Last edited: Jul 23, 2008
  24. Jul 23, 2008 #23
    Ok, im definatly going to do some more reading.

    Some quick questions though, as we got a bit side-tracked with my lack of knowledge and excitement that someone would sit down and explain this stuff to me :)

    as of now, am I correct in chalking a particles lack of position and velocity to the fact that particles are another form of energy? being that we can measure them using certain tools and what not, but we can only measure them using other particles which are also manifestations of energy as well?

    back to the main question though, even if its not position or velocity, the names for the variables are irrelovent. If one had all of the information/variables to a system (universe or closed off or w/e) wouldnt the system be deterministic from that point on?

    Im basically fishing for whether or not random is ever truely random, or random can only be an inverse value to the amount of information we have.
  25. Jul 24, 2008 #24


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    "are particles a form of energy" is a statement that comes up regularly, but I fail to see what it could even mean. Because of course, that begs the question: what is "energy" then, so that it can "make up" particles ? Some jelly-like all-pervading stuff ? Or a number ?
    Whatever is a particle (in a specific model!) is given by the model's definition. In classical mechanics, the theatre is set up (3-dim Euclidean space for starters - it gets actually more complicated than that because of Galilean relativity). We say that particles are "matter points in space, which move on a continuous trajectory".
    Now, would it make sense to say, in classical mechanics: "are particles a form of position" ?

    This question sounds to me as gibberish. Are particles "made up" of "position" ?
    Do particles HAVE a position ? In classical mechanics, definitely yes. THAT makes sense. But ARE particles made up of position ? Is hot water made up of temperature ?

    In classical mechanics, "energy" is a number that we can calculate for a certain dynamical state, and in many respects it is an *interesting* number, because it has certain properties (is conserved over time, for instance).

    In quantum mechanics, we can do 2 things: define a quantum system "from scratch", or "be inspired" by a classical system. Many people think that we need a classical system and then "quantize" it - even Landau says so in his books. But that isn't true. Quantum mechanics can be entirely defined "from scratch". For instance, particle spin is "quantum mechanics from scratch". There's no classical model for it, which has been quantized.
    But most quantum mechanical systems are "quantized classical models". The classical model then serves as a guiding principle for the setup of the state space (and its "interpretation").

    A quantum theory starts out by giving a "complete state space basis". That is, you have to give a list of possible states your "system" is going to be in, which you will be able to measure. That can be a discrete list, or a continuous list.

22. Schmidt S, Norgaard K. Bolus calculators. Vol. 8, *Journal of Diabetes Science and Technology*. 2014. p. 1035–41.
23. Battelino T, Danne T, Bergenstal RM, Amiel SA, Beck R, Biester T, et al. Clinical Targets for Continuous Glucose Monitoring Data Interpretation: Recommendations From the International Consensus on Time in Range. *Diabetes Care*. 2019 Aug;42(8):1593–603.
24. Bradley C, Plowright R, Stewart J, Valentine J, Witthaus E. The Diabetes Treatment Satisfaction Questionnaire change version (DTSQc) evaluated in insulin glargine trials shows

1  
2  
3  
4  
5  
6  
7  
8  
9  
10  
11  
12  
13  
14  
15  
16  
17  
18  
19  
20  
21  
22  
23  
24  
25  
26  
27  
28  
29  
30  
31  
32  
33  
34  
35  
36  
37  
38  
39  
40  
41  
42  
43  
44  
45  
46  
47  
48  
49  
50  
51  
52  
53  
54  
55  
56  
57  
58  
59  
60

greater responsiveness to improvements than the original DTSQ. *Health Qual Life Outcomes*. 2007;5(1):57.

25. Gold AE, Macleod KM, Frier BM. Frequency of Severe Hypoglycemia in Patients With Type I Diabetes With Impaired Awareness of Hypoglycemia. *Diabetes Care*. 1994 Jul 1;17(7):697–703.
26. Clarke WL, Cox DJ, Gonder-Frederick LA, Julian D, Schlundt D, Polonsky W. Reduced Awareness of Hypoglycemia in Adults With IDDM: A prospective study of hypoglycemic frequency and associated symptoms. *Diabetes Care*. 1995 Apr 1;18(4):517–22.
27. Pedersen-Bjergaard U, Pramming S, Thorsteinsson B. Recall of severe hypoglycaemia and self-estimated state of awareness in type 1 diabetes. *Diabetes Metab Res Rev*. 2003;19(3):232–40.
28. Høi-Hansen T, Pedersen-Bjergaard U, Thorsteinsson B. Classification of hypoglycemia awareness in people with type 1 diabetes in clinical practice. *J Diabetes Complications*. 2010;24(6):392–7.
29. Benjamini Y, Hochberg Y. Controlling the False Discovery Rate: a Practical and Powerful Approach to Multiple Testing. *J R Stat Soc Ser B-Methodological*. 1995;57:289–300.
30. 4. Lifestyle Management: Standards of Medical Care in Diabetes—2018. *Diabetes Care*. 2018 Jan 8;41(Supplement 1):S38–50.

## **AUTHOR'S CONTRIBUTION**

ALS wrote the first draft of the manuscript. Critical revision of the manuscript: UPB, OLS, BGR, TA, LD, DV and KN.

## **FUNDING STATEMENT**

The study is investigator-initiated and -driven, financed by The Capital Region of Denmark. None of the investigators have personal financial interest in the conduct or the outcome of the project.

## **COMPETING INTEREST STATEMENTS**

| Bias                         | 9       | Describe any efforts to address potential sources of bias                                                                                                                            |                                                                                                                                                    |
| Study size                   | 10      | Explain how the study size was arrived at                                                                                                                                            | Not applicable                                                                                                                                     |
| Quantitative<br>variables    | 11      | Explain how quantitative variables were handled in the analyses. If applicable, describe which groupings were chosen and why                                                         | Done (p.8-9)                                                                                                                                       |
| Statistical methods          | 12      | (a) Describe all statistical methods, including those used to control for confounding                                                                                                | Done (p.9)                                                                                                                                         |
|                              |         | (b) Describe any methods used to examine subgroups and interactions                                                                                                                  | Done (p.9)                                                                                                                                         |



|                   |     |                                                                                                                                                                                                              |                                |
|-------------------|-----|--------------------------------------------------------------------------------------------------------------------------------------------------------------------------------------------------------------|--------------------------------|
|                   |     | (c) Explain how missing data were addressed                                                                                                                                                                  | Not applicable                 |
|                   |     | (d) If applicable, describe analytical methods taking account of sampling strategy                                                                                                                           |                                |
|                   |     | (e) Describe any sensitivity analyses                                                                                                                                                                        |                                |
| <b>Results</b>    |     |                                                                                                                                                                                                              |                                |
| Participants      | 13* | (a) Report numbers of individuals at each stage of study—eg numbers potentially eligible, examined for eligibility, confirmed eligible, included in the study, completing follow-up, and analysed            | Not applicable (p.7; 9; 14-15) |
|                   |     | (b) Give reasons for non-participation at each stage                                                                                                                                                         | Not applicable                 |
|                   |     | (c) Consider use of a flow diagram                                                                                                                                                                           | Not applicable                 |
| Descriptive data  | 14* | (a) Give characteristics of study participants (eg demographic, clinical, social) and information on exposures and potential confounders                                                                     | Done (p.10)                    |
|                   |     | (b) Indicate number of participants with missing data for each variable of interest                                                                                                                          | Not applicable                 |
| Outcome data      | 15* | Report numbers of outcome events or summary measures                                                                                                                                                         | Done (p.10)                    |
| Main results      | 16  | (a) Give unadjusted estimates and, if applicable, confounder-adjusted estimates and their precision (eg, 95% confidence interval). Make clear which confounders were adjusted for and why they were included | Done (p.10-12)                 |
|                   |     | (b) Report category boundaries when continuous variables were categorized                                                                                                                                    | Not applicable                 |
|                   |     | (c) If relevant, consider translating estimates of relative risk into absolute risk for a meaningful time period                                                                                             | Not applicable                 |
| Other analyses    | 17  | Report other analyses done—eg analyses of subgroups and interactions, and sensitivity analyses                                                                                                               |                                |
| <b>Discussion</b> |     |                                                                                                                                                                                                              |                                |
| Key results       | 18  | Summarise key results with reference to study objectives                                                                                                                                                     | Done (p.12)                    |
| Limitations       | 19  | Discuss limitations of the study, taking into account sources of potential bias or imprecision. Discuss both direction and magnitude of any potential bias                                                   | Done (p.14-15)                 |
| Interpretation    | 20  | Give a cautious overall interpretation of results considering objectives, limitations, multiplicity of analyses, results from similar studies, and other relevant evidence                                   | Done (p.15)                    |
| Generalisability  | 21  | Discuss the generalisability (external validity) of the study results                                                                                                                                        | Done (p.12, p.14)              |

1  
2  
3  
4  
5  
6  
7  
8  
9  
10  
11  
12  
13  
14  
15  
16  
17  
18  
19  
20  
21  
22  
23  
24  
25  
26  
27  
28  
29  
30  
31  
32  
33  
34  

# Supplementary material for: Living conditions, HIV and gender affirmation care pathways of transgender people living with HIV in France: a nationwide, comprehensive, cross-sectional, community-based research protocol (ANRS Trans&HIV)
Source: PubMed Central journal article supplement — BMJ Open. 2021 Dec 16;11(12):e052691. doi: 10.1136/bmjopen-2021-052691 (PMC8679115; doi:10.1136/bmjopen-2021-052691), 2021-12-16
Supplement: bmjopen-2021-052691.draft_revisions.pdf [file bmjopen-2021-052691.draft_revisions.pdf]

The simplest non-trivial discrete list is a list of 2 states, call it "up" and "down". It is up to you to link these states to some operational procedure to "measure" these states, in other words, to give a physical interpretation to these states. That's YOU who puts this in. It's part of your model building. It is not quantum theory that is going to tell you.
    This means that your state space is going to be 2-dimensional, and that all possible states are going to be of the form u |up> + v |down>
    You might also want to define "other" measurements, which have another basis. That's entirely up to you, and it will depend on properties you want your system to have. You might for instance define a measurement procedure which gives you |left> and |right>. |left> is then equal to |up> + |down> and |right> is equal to |up> - |down> for instance. Whether that is a good idea, and whether that corresponds to one or other genuine laboratory measurement on your system, is again entirely your responsability. You might define things that way, but it might not work out that way in the lab: it simply means that you didn't build a good quantum model of your system and your measurements.

    Next, you will have to define a time evolution of each of these states in your list. If I have "up" at a moment t0, what state (of the form u |up> + v |down> ) will my system be in at time t1 We can do that in any way we like, but the time evolution needs to obey certain properties (like being unitary).

    Now, there's a big help, because it turns out that in most useful systems, there are eigenstates to the time evolution operator: that is: states that remain themselves up to a factor. States that don't mix with others. We call such states: energy eigenstates. Usually, this is the first thing we look for when setting up a quantum system: what are the energy eigenstates.

    This is very analogous to the "energy" concept in classical mechanics, which had its main usefulness in conservative systems where energy was conserved in time.

    So we see that quantum theory allows for a huge number of possibilities of models. We wouldn't know where to start, so to say. That's why there's a way to derive quantum models from classical systems.

    If you have a classical system, you have a so-called "configuration space". For instance, for a single point particle, that configuration space is just Euclidean space. For a 2-particle system, it is a 6-dimensional space made up of the 6 coordinates of the 2 particles (3 + 3).